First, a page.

10 Things You Might Not Know About the Reinheitsgebot (Beer) Purity Law of 1516

Answers:

1. The text at the top of the “Rex Pils” label translates into English as: “Brewed According to the German Reinheitsgebot of 1516”, but of course there is no such thing as the “German Reinheitsgebot of 1516”, there is only the “Bavarian Reinheitsgebot of 1516”. To be clear, there is a “German Reinheitsgebot”, but that didn’t exist until after Germany actually became a country in 1871.

Potsdamer Rex Pils - Berliner Kindl Brauerei

2. The small text at the top of the “Erdinger” label translates into English as: “Brewed According to the German Reinheitsgebot of 1516.” While there certainly was a Bavarian Reinheitsgebot of 1516, the only three acceptable ingredients were barely, hops and water.  The problem is that Hefe-Weizen is a wheat beer, and wheat certainly was not one of the allowable ingredients under the Bavarian Reinheitsgebot of 1516.

Erdinger Hefe-Weizen Dark

If you’re wondering if anybody has pointed this issue out to Erdinger, they have. And Erdinger replied. This is Erdinger’s response (and I’m paraphrasing):

‘A literal interpretation of the “Reinheitsgebot” is inadequate as yeast [which wasn’t even mentioned in the original document] is necessary for fermentation then as it is today. Furthermore, the consumer understands the Reinheitsgebot to mean a natural and pure food without chemicals, additives, flavorings, etc. The use of wheat for the production of beer corresponds to that expectation and therefore does not constitute deception.’

Erdinger's Response to Complaint

[You can see the full response here: Erdinger Response.]
With respect to Erdinger’s response, some folks have commented that it’s not exactly a fair comparison to claim that just because the Reinheitsgebot of 1516 didn’t mention yeast, then therefore it’s okay to include other ingredients in beer, in this case wheat, and then claim that such a beer is abiding by the Reinheitsgebot of 1516. The issue is that the Reinheitsgebot of 1516 wasn’t intentionally excluding yeast from the allowable ingredients, but rather people simply weren’t aware of the role of yeast in brewing in 1516. However, wheat was certainly well-known in 1516 and was excluded from the allowable ingredients on purpose.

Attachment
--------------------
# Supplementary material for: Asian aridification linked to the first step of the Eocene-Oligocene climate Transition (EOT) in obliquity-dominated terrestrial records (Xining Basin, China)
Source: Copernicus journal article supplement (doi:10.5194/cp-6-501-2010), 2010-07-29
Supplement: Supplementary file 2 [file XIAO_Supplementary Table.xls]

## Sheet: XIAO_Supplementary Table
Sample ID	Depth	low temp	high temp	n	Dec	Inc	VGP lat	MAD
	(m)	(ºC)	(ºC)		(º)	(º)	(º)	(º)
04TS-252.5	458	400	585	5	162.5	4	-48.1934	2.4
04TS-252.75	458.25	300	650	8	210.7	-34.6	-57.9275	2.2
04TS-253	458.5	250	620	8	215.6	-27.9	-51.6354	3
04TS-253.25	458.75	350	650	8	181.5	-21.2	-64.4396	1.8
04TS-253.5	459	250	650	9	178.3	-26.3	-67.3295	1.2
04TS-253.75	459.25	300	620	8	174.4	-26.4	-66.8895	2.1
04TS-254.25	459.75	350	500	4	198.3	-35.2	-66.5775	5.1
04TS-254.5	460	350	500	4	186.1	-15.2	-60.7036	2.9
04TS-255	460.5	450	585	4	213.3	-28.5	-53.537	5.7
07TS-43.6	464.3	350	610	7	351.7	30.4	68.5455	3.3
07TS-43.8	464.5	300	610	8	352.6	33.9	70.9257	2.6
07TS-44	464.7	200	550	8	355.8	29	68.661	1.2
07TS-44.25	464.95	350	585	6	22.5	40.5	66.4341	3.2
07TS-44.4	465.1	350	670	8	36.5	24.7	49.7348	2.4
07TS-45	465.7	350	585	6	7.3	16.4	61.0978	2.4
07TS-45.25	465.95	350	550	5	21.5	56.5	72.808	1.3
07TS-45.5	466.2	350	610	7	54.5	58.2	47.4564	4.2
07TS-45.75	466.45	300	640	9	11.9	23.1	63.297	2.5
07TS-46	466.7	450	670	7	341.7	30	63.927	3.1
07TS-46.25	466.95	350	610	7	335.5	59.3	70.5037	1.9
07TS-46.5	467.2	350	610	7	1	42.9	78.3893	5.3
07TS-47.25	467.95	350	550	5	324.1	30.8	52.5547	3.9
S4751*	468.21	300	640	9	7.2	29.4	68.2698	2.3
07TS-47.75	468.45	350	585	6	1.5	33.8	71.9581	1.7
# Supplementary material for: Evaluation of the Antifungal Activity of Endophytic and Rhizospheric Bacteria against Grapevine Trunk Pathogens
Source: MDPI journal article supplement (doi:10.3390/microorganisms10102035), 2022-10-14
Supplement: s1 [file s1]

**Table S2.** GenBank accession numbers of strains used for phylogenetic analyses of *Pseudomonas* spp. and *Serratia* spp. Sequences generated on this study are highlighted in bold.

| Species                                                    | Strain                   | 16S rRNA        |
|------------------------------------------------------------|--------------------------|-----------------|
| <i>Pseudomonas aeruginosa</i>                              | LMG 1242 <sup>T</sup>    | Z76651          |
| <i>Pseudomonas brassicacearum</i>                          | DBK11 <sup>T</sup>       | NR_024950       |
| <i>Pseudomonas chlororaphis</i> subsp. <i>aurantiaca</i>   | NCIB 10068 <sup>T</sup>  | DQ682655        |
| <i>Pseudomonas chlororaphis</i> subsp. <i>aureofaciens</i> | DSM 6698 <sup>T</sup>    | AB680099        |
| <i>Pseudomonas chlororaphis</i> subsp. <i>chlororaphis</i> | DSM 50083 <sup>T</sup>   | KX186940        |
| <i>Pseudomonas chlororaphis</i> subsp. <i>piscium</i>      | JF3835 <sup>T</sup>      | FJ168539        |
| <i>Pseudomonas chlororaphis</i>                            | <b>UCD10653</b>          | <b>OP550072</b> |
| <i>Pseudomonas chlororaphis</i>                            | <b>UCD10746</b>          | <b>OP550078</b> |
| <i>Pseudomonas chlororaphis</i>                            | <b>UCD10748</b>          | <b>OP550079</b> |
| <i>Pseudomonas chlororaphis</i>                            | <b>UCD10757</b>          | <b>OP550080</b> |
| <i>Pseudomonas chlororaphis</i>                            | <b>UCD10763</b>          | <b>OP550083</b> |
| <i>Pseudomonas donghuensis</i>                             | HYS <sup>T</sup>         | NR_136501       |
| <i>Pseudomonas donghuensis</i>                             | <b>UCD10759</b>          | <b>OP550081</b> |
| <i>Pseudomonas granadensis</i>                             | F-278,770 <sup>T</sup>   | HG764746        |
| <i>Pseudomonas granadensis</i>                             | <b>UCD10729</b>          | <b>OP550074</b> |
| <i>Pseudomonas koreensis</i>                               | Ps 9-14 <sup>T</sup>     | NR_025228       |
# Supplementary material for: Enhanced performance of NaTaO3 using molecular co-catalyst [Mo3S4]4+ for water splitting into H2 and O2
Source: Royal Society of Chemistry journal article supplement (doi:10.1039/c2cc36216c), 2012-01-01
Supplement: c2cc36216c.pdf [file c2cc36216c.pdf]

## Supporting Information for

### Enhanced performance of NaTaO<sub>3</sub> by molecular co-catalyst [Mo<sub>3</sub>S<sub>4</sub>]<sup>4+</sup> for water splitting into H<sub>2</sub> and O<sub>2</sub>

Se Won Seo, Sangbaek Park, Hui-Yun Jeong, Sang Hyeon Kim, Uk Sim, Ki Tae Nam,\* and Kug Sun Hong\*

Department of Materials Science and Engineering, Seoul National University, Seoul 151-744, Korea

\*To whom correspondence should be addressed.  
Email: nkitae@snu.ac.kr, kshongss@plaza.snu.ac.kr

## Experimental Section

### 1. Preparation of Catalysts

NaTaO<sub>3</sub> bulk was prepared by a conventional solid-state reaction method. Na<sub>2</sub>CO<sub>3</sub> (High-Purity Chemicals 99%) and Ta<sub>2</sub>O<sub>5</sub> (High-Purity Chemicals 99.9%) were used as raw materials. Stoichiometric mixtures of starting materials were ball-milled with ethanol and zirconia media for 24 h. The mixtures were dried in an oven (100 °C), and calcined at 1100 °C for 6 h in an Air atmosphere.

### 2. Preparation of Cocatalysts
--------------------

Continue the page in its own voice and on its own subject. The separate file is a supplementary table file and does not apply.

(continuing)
Therefore, it seems to some that Erdinger is making a false comparison, and really should not claim that their wheat beer is following the Bavarian Reinheitsgebot of 1516, but instead they should simply indicate that they are following the “German Reinheitsgebot” which does allow for wheat just like the Hofbräuhaus does with their Hefe Weizen wheat beer (see label  below).

Hofbräu München Hefe Weizen - Hofbräuhaus München

Alternatively, Erdinger could state that they are following the Bavarian Reinheitsgebot but just leave out the year “1516” because eventually the Bavarian Reinheitsgebot did allow for wheat, but only later in the 1500s (not in 1516).

What do you think?

 

Prost and here’s wishing you a happy upcoming Reinheitsgebot Day on April 23rd!


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Hi, I’m Dan: Beer Editor for Beer Syndicate, Beer and Drinking Blogger, Gold Medal-Winning Homebrewer, Beer Reviewer, AHA Member, Beer Judge, Shameless Beer Promoter, and Beer Traveler.

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2 Comments

  1. FXB

    Nice article, very informative.

  2. Greg Hansen

    I’ve had the same though about Hacker-Pschorr’s Weisse. “Brewed according to the Bavarian Purity Law of 1516”, the carrier says. No, it’s not! I didn’t pursue it, but I thought they might say that, despite changes to the law over the years, it derives from the 1516 law, so the pedigree makes it a fair claim. And that might actually have been a better reply than Erdinger’s, which amounts to “It’s okay if we lie to the customers because they don’t take it seriously, either.”

    Compliance with the Reinheitsgebot is certainly an important factor for the German consumer, even if he can’t explain exactly what that means. It’s like it’s code for “the way beer should be”, even if we don’t know how it should be.

    The long version of the reply (thank you for including the reply) says that wheat was considered superior to barley, and that if the consumer today receives something that, from his point of view, is better or more valuable than he expected, then we can’t call it deception. But I’m going to say no, if it’s not compliant with the 1516 law then you shouldn’t say it is.

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